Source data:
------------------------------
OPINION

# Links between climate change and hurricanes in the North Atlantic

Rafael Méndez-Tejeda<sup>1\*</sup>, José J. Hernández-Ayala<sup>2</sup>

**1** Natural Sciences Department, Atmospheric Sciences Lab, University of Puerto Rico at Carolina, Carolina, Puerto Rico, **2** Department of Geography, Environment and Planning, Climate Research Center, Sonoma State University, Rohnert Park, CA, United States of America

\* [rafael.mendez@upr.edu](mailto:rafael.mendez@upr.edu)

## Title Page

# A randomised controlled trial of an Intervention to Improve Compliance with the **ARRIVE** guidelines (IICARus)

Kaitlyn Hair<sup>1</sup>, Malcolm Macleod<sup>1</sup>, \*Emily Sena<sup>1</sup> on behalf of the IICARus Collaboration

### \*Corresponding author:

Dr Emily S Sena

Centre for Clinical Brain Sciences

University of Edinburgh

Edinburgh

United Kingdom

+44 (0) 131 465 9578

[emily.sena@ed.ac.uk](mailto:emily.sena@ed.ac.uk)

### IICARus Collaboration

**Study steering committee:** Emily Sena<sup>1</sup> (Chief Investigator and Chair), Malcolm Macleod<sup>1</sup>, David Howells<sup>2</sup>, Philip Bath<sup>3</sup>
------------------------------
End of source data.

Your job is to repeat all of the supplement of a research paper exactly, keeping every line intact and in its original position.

OPINION

# Links between climate change and hurricanes in the North Atlantic

Rafael Méndez-Tejeda<sup>1\*</sup>, José J. Hernández-Ayala<sup>2</sup>

**1** Natural Sciences Department, Atmospheric Sciences Lab, University of Puerto Rico at Carolina, Carolina, Puerto Rico, **2** Department of Geography, Environment and Planning, Climate Research Center, Sonoma State University, Rohnert Park, CA, United States of America

\* [rafael.mendez@upr.edu](mailto:rafael.mendez@upr.edu)

## Title Page

# A randomised controlled trial of an Intervention to Improve Compliance with the **ARRIVE** guidelines (IICARus)

Kaitlyn Hair<sup>1</sup>, Malcolm Macleod<sup>1</sup>, \*Emily Sena<sup>1</sup> on behalf of the IICARus Collaboration

### \*Corresponding author:

Dr Emily S Sena

Centre for Clinical Brain Sciences

University of Edinburgh

Edinburgh

United Kingdom

+44 (0) 131 465 9578

[emily.sena@ed.ac.uk](mailto:emily.sena@ed.ac.uk)

### IICARus Collaboration

**Study steering committee:** Emily Sena<sup>1</sup> (Chief Investigator and Chair), Malcolm Macleod<sup>1</sup>, David Howells<sup>2</sup>, Philip Bath<sup>3</sup>